Thindwa says that he has suffered no ill effects so far – but for weeks after the story was published in the local press, he was getting several phone calls a day from curious members of the public convinced it must be a hoax. The renewed publicity has helped raise awareness within Malawi of the ASH’s wider work on witchcraft. While there are still no takers for the challenge, several more people have come forward to put up money for the prize.
When I ask about the reasons behind the rise in witchcraft allegations, Thindwa points to several factors. Witchcraft beliefs have long existed within traditional culture, he says, but in recent years the explosive rise of Pentecostal and Revivalist churches has pushed the idea much more to the fore.
Pentecostalists tend to place a strong emphasis on solving people’s problems through prayer and faith healing, an idea which in turn rests on the notion that ill-health and bad luck can have an underlying spiritual cause. The belief in witchcraft has thus become intertwined with Christianity, and fuelled by politicians and community leaders keen to show their religious credentials by publicly espousing such ideas.
Access to healthcare is another factor. Where conventional medicine is unavailable, people are more likely to turn to the churches and traditional healers for alternative explanations and treatments. Many of the cases compiled by the ASH had begun with an unexplained death or illness. In one trial that was still ongoing, two witnesses testified to being advised by a healer that their health problems were caused by witchcraft.
A further factor, Thindwa tells me, is “the impact of the Nigerian film industry”. Across Malawi “there are these little halls where people can go and see films. Most of the videos being shown ... are coming from Nigeria and almost half are about witchcraft ... People get moved and taken by those things ... Those films have actually portrayed witchcraft as real.”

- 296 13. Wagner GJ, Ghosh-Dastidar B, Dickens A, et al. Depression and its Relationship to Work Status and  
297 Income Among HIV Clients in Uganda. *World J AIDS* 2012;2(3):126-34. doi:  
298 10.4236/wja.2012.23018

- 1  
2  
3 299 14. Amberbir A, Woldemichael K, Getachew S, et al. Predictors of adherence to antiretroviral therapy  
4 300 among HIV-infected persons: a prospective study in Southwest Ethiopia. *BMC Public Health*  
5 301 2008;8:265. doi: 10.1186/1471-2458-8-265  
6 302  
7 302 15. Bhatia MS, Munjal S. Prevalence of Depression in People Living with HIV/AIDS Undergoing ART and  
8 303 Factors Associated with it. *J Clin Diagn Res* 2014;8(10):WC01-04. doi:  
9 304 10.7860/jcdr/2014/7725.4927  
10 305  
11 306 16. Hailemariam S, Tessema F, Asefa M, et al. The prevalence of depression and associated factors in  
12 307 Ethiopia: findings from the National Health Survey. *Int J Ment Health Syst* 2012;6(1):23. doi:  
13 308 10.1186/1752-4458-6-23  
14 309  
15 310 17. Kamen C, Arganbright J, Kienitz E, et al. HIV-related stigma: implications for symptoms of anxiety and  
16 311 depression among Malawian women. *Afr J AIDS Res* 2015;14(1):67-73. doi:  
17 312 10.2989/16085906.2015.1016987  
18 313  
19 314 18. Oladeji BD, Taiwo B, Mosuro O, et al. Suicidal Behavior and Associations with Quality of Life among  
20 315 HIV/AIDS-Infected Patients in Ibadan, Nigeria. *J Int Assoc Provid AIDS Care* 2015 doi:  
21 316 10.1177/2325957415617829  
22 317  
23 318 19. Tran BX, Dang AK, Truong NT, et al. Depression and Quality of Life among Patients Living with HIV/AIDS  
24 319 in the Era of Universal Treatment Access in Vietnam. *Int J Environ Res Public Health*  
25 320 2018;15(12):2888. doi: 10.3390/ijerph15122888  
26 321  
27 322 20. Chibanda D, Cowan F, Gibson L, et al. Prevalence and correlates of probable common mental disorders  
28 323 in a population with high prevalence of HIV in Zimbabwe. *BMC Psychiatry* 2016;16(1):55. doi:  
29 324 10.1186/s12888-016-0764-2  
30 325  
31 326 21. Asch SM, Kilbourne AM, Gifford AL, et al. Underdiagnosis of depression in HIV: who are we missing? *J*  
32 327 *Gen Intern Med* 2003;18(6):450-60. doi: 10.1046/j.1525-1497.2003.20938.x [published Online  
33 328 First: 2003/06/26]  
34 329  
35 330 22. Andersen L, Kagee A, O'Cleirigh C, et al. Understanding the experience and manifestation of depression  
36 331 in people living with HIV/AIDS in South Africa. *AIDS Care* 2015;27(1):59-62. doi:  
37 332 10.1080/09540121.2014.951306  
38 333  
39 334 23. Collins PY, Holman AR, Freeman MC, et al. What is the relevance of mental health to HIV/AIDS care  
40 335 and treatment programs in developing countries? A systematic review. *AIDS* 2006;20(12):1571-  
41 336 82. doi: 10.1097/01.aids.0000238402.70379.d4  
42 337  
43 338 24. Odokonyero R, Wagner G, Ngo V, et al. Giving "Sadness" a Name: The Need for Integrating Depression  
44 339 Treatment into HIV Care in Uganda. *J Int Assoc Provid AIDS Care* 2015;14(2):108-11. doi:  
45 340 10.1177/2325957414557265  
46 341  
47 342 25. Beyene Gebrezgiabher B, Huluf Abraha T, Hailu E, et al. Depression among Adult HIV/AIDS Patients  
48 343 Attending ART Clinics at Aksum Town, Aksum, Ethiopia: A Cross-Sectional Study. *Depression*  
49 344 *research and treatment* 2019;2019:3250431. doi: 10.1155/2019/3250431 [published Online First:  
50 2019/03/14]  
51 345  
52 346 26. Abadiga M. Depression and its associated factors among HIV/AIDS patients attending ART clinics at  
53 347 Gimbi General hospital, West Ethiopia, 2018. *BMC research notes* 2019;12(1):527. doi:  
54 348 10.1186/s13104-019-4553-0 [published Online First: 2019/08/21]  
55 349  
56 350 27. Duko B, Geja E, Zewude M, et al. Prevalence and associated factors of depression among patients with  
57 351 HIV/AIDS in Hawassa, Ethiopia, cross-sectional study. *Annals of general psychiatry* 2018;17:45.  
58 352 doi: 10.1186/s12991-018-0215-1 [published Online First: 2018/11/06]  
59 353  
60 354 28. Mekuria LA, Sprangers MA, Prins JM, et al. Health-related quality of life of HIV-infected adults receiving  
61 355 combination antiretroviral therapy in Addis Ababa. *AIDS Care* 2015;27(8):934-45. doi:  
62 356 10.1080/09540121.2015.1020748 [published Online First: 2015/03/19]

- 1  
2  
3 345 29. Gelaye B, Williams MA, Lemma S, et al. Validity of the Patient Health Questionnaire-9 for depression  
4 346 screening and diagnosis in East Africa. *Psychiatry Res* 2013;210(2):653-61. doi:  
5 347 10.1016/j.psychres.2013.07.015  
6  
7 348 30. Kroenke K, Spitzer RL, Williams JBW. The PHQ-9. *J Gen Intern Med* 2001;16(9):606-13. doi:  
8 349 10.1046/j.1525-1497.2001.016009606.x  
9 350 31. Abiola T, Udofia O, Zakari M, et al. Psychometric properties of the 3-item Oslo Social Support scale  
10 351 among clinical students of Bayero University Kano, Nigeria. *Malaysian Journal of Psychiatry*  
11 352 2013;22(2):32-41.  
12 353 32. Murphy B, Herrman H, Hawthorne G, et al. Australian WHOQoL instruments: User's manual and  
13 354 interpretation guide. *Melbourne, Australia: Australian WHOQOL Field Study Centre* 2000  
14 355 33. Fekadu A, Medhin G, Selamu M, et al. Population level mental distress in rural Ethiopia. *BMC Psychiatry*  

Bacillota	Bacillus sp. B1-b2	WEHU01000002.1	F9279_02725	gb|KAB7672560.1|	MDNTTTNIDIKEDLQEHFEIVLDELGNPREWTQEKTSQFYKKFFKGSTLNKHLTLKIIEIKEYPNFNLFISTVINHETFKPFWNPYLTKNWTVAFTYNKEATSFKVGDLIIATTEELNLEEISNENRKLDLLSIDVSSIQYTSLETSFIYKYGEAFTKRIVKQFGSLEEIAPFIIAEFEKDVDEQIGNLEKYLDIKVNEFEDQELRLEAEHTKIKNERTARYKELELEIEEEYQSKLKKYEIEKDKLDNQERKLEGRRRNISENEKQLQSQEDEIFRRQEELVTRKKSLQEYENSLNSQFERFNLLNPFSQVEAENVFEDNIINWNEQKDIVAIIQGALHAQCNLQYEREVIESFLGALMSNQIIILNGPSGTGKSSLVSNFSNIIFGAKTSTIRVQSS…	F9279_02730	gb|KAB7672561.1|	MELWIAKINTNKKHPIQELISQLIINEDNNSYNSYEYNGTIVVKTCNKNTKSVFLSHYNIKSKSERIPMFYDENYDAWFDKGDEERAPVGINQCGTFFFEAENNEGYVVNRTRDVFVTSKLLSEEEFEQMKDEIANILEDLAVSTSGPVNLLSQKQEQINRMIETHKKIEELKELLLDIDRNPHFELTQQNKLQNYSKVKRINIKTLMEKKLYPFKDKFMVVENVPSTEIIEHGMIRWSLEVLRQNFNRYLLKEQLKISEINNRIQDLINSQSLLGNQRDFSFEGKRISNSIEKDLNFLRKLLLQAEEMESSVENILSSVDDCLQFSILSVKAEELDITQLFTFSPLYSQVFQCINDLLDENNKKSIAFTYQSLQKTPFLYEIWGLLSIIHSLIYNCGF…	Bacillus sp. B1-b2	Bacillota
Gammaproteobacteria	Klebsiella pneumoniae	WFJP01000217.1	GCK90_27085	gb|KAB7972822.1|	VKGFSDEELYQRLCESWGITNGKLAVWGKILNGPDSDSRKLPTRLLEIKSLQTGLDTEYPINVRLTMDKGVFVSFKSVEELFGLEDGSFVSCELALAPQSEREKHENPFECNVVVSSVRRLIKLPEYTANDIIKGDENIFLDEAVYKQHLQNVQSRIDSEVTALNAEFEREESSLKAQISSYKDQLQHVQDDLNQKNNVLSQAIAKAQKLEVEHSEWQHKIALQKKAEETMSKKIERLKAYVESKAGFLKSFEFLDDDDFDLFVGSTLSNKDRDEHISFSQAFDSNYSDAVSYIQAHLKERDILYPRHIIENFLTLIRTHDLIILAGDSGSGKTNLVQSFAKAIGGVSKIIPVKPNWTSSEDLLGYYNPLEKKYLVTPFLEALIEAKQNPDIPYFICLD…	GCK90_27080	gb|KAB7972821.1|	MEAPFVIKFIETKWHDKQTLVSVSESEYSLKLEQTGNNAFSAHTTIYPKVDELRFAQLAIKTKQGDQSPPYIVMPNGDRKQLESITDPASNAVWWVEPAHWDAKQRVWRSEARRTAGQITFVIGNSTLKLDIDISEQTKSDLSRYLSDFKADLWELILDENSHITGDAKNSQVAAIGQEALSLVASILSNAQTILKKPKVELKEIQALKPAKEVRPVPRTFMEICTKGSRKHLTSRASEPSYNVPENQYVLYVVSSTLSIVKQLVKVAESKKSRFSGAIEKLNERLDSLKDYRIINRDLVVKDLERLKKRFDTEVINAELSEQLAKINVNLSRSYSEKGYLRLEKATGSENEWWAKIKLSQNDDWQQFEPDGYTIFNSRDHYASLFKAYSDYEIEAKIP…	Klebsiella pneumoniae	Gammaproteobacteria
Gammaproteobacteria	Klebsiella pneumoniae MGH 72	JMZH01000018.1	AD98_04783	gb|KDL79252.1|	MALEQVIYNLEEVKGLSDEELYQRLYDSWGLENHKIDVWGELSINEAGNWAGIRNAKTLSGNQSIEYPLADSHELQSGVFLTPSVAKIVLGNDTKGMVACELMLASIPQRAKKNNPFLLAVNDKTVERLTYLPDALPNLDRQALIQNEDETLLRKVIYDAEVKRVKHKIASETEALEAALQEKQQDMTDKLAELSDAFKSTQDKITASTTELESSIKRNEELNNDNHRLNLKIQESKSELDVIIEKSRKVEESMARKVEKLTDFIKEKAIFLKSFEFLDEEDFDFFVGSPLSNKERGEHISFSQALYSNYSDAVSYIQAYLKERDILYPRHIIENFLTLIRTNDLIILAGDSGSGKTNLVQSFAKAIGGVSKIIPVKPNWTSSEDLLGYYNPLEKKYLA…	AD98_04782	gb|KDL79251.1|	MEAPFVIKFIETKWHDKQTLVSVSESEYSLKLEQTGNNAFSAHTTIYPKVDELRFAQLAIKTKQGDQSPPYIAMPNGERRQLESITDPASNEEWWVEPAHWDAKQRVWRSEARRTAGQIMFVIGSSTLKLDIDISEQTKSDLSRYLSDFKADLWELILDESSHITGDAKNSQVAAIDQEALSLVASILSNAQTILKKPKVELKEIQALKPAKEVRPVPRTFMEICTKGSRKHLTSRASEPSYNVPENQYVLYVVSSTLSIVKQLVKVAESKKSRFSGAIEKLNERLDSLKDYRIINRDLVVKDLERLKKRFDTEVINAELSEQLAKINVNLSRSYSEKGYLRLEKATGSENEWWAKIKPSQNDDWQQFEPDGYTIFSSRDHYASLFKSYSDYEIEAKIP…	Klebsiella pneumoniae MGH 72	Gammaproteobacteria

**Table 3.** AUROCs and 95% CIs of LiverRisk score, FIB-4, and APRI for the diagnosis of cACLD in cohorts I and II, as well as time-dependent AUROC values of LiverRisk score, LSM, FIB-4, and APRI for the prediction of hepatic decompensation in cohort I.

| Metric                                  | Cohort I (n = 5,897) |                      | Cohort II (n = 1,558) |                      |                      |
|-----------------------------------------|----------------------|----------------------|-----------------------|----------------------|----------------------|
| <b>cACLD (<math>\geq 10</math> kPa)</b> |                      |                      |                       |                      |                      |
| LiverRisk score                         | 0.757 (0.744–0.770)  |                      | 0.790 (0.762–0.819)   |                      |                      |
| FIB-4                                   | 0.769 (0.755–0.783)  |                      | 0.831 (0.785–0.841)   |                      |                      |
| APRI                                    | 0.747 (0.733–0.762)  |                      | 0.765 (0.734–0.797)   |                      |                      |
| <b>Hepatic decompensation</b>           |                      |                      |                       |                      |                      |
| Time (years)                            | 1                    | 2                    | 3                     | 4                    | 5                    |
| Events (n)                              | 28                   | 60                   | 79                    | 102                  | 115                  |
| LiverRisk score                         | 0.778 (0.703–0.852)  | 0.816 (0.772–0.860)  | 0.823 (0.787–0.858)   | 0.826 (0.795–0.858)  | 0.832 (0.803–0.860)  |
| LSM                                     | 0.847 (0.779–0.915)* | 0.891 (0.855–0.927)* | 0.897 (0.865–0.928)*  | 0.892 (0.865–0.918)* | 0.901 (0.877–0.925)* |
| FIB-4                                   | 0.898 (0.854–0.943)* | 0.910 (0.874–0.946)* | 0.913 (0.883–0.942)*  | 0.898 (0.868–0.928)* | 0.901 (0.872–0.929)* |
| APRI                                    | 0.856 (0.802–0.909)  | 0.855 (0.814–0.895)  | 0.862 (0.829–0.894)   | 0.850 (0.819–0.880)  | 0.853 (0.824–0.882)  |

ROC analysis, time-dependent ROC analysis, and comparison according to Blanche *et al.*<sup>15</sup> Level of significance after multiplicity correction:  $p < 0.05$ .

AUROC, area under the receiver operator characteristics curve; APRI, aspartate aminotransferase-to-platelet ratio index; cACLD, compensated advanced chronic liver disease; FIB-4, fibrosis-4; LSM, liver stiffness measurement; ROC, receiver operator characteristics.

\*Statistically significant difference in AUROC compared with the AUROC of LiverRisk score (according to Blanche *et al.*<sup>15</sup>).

There is a striking similarity, George says, between the supernatural activities portrayed in the Nigerian films and the witchcraft accusations that ended up being made in court – especially those made by impressionable children.
I tracked down one such video online – an excerpt from Pastor Helen Ukpabio’s End Of The Wicked.
The film depicts children being summoned from their homes while sleeping and flown to the witchcraft realm for initiation. After a pep talk from a man on a throne clad in white face paint (left), they are handed over to a junior attendant.
“Welcome fellow wyrd children. This is my empire,” shouts the oil-smeared youngster to his new recruits. “From today, your spiritual name is ‘Mistake,’” he tells one, stretching out his hands. “I invoke upon you ... the spirit of stubbornness ... lack of interest in school, waywardness, unsteadiness, bad company and POWER of destruction. Blow up all electronic things in your home! Break plates, glasses, and then cause fever and failure to all other children in your home. Understand?!” The child nods keenly: “Yes, my Lord.”
This would be funnier were it not for the fact that, in real life, thousands of Nigerian children have been accused of doing the things portrayed in the film – and abandoned, ostracised, abused and even killed as a result.
Some believe that Nigeria’s Pentecostal churches, and Pastor Helen Ukpabio in particular, are partly to blame. Ukpabio’s Liberty Gospel Church has grown rapidly since she founded it in 1992, and witchcraft plays a central role in her ministry. Her films, including End Of The Wicked, have been widely disseminated. So too has her book Unveiling the Mysteries of Witchcraft, which offers guidance on diagnosing witchcraft in children.
The issue gained international attention in 2008, when a Channel Four documentary, Saving Africa’s Witch Children, highlighted both Ukpabio’s activities and a series of shocking individual child witchcraft cases. The charity Stepping Stones Nigeria – one of the few international NGOs working on child witch abuse – has suggested that “the prevalence of the belief in child witchcraft in south-eastern Nigeria can be linked to the books, movies and teachings of Helen Ukpabio”.